There are only so many times I can pan and rack focus on a tripod before it gets boring. Whenever I see footage shot from a gimbal I get a little envious, but I was blessed with a scrawny build and flimsy arms. The last time I tried to use a gimbal was with the Ronin-M, for approximately three minutes before my biceps gave out. Prior to that, the Glidecam 3000 exactly twice — because balancing was a pain in the ass.
My production friends recommended the Zhiyun Crane 2 as a compact solution; this seems to be the choice for run and gun documentary filmmakers and wedding videographers. I spent a good month with the gimbal back in June and it easily became my favorite piece of gear.
Then DJI released the Ronin-S. Three weeks later, I’m not so sure anymore.
Handling and weight
Unless you’ve been operating gimbals for a while, you’re not going to unbox either of these two and immediately get smooth shots. It took a week of practicing the dopey gimbal walk and a whole lot of ugly footage before I was finally happy with the results.
Weight-wise, the Ronin-S is 1.34 pounds heavier than the Crane 2, with an extra pound of payload capacity. The Canon 5D and 35mm mounted on on both without any problems. The difference isn’t that drastic since the weight distribution on the Ronin-S is pretty balanced; it doesn’t feel awkward.
The camera’s viewfinder is slightly obstructed by the roll axis on the Crane 2, whereas DJI designed their gimbal to have this positioned below the base plate. Despite this small nuisance, operating both felt similar. Taylor, who was helping as Second Camera and has never handled a gimbal before this review, disagrees; “This (the Ronin-S) feels waaaay better.”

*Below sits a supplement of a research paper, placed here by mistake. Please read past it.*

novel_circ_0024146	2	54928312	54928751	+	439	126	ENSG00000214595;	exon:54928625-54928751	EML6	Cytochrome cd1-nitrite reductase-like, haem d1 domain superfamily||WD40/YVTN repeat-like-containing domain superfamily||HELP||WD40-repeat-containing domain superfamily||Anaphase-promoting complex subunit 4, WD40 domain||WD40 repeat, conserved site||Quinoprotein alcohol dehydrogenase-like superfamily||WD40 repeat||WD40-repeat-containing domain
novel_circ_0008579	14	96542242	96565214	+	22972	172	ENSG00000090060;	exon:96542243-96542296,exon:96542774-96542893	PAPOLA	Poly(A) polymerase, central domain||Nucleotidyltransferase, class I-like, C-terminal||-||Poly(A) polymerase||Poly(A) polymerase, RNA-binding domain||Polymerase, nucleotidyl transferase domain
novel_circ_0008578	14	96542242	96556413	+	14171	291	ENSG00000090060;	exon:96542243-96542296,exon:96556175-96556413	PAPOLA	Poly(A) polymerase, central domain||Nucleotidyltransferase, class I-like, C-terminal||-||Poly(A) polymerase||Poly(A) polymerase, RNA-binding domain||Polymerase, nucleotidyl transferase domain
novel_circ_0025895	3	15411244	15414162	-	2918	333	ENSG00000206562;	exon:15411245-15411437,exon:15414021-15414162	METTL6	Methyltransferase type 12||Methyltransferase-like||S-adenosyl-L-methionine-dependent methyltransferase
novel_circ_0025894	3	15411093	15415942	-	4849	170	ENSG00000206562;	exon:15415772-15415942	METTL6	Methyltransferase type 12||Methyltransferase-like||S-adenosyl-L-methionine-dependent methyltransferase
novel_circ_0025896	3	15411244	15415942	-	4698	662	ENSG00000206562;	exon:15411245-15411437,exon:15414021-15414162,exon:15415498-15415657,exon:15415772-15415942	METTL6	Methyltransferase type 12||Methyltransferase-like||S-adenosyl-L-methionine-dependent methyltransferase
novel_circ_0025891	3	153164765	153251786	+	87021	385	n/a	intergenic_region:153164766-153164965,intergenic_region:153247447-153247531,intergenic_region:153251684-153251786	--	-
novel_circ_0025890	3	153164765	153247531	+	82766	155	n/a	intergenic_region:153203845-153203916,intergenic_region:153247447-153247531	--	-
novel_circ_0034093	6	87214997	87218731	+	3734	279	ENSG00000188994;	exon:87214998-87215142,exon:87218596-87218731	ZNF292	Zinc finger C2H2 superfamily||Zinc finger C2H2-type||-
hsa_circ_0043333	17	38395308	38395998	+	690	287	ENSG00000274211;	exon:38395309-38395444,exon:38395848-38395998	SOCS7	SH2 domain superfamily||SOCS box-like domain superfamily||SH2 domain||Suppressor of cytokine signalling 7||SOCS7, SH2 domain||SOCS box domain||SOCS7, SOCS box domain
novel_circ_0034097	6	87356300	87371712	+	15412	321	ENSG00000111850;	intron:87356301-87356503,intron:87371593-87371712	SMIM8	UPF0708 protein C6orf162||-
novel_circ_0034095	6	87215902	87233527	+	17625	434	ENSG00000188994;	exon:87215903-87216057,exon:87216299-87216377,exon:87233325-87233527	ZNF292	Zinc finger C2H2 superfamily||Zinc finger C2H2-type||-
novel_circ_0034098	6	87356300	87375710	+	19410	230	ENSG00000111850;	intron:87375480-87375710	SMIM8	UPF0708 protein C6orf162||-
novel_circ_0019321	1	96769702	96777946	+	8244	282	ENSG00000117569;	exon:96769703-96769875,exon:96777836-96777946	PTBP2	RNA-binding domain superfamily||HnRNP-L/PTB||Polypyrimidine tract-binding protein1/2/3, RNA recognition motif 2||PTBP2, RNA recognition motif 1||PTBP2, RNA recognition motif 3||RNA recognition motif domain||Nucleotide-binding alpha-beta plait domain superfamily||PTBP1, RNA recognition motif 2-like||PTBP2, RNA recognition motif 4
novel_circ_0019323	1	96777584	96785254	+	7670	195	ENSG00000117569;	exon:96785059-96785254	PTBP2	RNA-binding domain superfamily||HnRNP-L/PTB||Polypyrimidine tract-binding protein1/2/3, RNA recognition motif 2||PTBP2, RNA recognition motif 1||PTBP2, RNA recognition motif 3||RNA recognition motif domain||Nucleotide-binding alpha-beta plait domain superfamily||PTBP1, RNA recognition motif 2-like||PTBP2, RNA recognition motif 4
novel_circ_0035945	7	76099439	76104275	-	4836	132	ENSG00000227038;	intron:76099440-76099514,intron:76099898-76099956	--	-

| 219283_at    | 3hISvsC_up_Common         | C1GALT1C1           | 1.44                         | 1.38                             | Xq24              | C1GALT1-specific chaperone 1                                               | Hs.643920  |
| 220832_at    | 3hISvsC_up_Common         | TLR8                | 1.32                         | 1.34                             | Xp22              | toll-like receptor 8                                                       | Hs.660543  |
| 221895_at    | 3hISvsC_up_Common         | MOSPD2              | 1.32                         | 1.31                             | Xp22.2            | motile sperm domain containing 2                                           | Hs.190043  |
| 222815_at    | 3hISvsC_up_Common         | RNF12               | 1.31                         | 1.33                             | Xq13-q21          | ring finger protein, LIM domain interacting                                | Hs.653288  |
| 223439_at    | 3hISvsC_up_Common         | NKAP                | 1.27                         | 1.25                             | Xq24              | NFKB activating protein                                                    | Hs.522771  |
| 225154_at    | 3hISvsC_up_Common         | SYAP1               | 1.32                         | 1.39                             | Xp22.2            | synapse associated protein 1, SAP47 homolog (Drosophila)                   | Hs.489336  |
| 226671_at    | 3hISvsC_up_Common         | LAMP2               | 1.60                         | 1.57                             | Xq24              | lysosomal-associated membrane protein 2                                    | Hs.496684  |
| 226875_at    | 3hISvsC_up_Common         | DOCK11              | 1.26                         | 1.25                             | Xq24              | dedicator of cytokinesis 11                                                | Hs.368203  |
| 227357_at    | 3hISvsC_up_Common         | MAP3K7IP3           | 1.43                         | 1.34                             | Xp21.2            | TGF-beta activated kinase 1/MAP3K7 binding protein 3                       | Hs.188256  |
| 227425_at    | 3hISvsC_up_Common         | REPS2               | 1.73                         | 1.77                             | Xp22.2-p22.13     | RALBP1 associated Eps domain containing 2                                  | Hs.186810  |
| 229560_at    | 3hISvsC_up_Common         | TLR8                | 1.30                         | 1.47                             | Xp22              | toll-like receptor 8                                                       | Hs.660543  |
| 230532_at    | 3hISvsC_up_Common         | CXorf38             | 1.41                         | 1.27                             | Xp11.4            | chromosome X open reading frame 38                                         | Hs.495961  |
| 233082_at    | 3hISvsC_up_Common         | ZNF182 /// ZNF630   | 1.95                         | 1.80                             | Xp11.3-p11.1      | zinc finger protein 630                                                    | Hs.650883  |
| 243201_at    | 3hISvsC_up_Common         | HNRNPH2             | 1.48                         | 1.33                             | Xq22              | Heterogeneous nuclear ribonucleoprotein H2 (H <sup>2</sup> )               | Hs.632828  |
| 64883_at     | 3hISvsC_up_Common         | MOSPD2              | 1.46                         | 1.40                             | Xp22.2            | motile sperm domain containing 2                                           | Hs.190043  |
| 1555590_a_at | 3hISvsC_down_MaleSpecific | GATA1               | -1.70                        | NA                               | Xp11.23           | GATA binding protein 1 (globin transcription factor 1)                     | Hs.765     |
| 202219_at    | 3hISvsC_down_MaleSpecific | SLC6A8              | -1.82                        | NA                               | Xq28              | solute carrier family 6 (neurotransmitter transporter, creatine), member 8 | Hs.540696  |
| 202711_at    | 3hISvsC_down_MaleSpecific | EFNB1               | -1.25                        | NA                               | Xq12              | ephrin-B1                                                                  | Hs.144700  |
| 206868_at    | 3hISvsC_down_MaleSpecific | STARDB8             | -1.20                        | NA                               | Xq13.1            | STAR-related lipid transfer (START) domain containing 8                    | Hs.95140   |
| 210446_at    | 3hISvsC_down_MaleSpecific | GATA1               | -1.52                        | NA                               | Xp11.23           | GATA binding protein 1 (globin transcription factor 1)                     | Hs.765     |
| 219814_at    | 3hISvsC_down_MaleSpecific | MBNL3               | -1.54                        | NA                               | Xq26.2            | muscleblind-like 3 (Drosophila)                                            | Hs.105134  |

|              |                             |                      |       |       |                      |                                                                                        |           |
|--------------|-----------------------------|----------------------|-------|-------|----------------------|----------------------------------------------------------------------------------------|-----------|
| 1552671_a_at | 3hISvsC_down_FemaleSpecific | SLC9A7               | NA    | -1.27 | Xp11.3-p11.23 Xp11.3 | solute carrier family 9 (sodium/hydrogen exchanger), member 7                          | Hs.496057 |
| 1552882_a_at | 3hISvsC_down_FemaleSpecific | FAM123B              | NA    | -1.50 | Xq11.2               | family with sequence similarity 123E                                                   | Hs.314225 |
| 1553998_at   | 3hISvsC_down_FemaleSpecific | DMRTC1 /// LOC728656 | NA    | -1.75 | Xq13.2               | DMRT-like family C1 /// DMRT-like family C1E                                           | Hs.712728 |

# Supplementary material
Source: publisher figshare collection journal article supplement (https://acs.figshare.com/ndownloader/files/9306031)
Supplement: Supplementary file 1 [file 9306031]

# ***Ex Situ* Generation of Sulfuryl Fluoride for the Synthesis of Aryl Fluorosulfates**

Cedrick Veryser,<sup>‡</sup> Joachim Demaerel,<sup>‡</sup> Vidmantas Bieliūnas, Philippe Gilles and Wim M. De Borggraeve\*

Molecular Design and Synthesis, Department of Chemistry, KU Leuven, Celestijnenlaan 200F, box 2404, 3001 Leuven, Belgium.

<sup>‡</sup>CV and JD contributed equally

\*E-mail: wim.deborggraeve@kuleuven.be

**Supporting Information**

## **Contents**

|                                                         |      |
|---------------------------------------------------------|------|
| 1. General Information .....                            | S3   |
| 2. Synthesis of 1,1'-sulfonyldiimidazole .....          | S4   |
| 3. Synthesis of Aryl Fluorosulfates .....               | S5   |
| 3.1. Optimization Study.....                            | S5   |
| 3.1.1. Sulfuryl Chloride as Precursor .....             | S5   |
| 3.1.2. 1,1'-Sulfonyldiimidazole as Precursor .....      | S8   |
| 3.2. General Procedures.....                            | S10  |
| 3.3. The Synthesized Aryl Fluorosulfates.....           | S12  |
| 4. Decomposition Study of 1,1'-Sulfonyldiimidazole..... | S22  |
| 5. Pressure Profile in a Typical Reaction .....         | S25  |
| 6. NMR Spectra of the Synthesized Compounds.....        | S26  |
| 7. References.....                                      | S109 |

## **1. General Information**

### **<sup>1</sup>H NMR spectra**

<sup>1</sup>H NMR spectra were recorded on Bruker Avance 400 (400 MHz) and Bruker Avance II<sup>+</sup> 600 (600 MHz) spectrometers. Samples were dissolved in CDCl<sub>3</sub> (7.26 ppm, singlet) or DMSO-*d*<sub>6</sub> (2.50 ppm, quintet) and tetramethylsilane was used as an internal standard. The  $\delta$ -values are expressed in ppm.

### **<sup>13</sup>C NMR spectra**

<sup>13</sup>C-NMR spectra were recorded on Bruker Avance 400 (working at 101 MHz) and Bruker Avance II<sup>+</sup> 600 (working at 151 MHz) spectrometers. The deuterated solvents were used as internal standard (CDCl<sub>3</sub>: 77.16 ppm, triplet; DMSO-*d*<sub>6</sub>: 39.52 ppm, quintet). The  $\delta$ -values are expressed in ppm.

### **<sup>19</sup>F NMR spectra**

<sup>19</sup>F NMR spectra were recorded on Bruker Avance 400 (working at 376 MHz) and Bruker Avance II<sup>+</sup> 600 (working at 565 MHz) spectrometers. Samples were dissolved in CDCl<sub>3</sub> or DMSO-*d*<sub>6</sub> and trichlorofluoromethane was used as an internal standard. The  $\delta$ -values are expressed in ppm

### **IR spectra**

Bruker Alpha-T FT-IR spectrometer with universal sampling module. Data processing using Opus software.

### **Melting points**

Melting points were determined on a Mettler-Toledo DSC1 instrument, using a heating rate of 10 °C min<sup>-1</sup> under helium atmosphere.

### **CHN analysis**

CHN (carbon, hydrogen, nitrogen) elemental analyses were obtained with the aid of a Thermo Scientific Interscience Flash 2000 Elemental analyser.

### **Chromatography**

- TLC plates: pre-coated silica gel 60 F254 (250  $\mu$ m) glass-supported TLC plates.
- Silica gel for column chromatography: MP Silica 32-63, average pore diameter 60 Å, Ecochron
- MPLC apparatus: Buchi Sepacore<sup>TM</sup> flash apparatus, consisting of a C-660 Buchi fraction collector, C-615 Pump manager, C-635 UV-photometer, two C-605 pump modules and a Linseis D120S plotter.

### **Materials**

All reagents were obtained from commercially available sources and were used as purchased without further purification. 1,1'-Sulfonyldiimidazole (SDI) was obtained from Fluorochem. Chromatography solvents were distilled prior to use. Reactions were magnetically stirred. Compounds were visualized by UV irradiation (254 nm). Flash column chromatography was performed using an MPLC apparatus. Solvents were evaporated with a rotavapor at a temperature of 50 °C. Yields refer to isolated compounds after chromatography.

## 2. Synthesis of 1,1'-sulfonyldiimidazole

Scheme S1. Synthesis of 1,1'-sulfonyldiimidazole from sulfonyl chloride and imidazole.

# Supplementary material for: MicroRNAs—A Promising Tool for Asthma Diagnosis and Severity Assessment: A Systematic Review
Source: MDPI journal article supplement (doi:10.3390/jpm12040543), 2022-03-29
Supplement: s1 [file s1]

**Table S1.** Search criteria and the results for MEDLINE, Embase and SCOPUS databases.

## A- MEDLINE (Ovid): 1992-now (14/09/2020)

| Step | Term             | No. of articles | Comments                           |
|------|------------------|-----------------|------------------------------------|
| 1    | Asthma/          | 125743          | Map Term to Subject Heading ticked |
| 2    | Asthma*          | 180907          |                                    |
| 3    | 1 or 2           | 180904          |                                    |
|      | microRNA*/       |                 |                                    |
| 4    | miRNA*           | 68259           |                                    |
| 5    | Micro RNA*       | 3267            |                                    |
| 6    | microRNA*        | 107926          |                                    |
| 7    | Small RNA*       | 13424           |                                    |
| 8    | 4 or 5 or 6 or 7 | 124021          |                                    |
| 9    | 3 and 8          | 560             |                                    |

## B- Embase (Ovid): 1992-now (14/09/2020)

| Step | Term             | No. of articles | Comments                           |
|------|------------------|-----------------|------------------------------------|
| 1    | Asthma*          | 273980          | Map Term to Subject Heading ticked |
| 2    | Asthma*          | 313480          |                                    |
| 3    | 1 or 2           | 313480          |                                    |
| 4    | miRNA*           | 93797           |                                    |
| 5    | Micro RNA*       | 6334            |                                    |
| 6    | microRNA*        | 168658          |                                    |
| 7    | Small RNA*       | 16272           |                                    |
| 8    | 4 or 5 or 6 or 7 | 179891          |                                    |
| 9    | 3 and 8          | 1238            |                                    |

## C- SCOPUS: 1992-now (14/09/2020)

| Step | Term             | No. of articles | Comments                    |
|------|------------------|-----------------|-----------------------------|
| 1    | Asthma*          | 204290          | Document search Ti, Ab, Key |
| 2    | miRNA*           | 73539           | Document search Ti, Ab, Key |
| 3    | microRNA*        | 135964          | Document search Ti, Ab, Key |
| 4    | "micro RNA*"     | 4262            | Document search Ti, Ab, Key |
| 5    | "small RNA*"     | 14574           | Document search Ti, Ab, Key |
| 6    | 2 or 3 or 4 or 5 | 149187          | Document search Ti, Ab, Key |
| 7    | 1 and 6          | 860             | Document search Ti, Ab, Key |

Both gimbals use the same balancing technique and require the same amount of effort. With the guidance of several YouTube tutorials, my first attempt balancing the Crane 2 took about half an hour. After several tries, I was able to balance each, on average, in two minutes.
One plus with the Ronin-S: Their app includes a Balance Test function to make sure the gimbal is properly balanced. Otherwise, if not, the motor will overwork to compensate and drain the battery (and eventually kill the motor).
For basic walking, slides and pans, both gimbals excelled, so I didn’t think it would be a huge task shooting my friend Brandon performing Wushu without any planning. Big mistake. Chasing after him jumping up and down, spinning left, right, forwards and backwards was exhausting and the Ronin-S couldn’t catch up. The sports mode only seemed to work when he wasn’t rapidly moving in all directions. I had to adjust and fine tune the tilt, roll and pan and make several attempts before it became a dance between gimbal and subject.
One minor issue with the Crane 2 — the menu dial is not intuitive. I kept pressing the button in the middle to select my options. You actually have to tap right to select.
The Crane 2 gets one point for having a sexier case with a shoulder strap. I’m not a huge fan of Ronin-S’s foam case and you have to play Tetris the first few times to get the gimbal back in. A small gripe about both cases: You have to unbalance the gimbal in order for it to fit back in. It only takes two minutes to balance the gimbals, but it gets cumbersome having to do this every time you take it out of the case, especially in run-and-gun situations.
They’re both solid gimbals that’ll get the job done, but with the added creative functions on the Ronin-S, like time-lapse, panorama and more control via their app… I ended up shelling out $700 for the Ronin-S last Friday at a DJI workshop. A Zhiyun rep told me they’re working on a competing gimbal, the Crane 3, tentatively scheduled for a September 2018 released. In the meantime, I’m pretty happy with my purchase.